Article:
Thursday, 16 August 2012
Greasby is a large village on the Wirral Peninsula, England. The earliest known human settlement in Merseyside has been found at Greasby, dating from approximately 7000 BC. A rectangular floor of sandstone slabs and pebbles suggests regular use by the nomadic hunters of that period. Greasby was an Anglo Saxon settlement, as witnessed by the form of the name, Gravesberie, in the Domesday Book. Gravesberie derives from the Old English gräf and burh, recorded as meaning a "stronghold by a grove, trench, canal or wood". The name was Scandinavianised to Greasby, under the influence of Old Norse speakers in Wirral (gräf and býr, with býr meaning "settlement" or "farmstead").
After the Second World War the area expanded considerably, with significant residential development across previously agricultural land. This has resulted in Greasby becoming contiguous with the nearby settlements of Moreton, Upton and Woodchurch. Read more on Wikipedia
In the 1920's the main road to Birkenhead from Frankby went through Greasby. This is the route that the narrator takes in the short story 'Enter One In Sumptuous Armour' from Caldy to Birkenhead;" There was a sea of mud round the farm yards. We splashed through little villages named Frankby and Greasby." and "I noticed the pubs longingly. .....in Greasby, the Coach and Horses. I was sorry to be leaving the pubs behind though I had never entered one." (Pg. 232). Lowry also refers to the village in his novel Ultramarine when Dana and Janet go for a walk on the Wirral; " It was in Greasby they saw a horse in the stable - 'dreaming and warm'.. "(Pg. 42). Lowry is possibly referring to Greasby Hall Farm seen below.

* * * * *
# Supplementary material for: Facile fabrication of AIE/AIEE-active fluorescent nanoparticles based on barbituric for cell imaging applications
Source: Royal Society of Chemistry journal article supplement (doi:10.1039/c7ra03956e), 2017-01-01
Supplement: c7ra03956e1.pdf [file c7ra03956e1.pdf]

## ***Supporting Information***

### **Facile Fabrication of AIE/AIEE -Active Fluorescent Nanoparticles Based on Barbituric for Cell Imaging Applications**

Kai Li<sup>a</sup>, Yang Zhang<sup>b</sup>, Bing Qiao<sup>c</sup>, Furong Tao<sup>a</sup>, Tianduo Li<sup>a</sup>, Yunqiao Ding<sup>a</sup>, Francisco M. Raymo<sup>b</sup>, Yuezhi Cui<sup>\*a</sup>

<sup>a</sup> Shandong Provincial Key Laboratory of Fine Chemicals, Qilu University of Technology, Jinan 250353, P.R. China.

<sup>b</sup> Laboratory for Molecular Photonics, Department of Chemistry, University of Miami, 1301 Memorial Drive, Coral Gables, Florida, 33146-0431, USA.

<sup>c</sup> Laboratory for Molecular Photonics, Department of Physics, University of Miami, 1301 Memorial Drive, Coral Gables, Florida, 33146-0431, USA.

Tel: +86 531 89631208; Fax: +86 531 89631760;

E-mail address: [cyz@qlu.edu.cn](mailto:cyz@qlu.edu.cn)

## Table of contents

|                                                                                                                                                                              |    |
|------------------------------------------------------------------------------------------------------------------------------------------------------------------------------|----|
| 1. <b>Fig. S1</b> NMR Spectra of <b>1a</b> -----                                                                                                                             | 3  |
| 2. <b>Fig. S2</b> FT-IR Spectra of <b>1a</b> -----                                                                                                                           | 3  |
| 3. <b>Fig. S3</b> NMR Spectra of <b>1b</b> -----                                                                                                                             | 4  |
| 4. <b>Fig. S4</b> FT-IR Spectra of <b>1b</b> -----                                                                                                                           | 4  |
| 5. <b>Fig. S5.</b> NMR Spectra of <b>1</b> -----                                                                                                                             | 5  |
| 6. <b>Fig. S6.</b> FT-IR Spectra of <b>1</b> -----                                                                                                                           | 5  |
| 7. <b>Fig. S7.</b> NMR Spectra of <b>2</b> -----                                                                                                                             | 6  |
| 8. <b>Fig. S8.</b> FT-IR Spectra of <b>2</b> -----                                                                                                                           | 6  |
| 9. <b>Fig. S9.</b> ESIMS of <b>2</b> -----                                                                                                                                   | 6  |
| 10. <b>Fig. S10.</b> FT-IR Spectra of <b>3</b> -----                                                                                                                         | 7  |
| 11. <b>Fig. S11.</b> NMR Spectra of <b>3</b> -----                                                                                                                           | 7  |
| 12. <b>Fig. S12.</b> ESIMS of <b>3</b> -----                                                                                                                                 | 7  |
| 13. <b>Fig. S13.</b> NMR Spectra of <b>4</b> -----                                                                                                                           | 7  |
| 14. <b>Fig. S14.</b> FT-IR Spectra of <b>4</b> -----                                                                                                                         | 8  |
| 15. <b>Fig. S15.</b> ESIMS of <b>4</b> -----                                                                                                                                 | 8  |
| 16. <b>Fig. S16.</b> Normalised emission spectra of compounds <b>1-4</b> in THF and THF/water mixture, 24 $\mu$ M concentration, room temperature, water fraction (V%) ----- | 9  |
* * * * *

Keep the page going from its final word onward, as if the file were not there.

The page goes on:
Lowry refers to village in In Ballast to the White Sea; Sigbjørn passes through the village on his way to Birkenhead to catch the train to Liverpool on his journey to Preston; "Soon they had turned the dangerous Frankby corner into the Greasby road, passed the village green and the village cross, and roared into the straight. At the corner, by the Coach and Horses, he slowed down." (Chapter X1).
Lowry also refers to the village in a letter to Carl Brown dated April 1926; "I walked to Greasby looking for the dog which had gone in the other direction - but I sang all the way." (Collected Letters Vol 1 Pg. 9).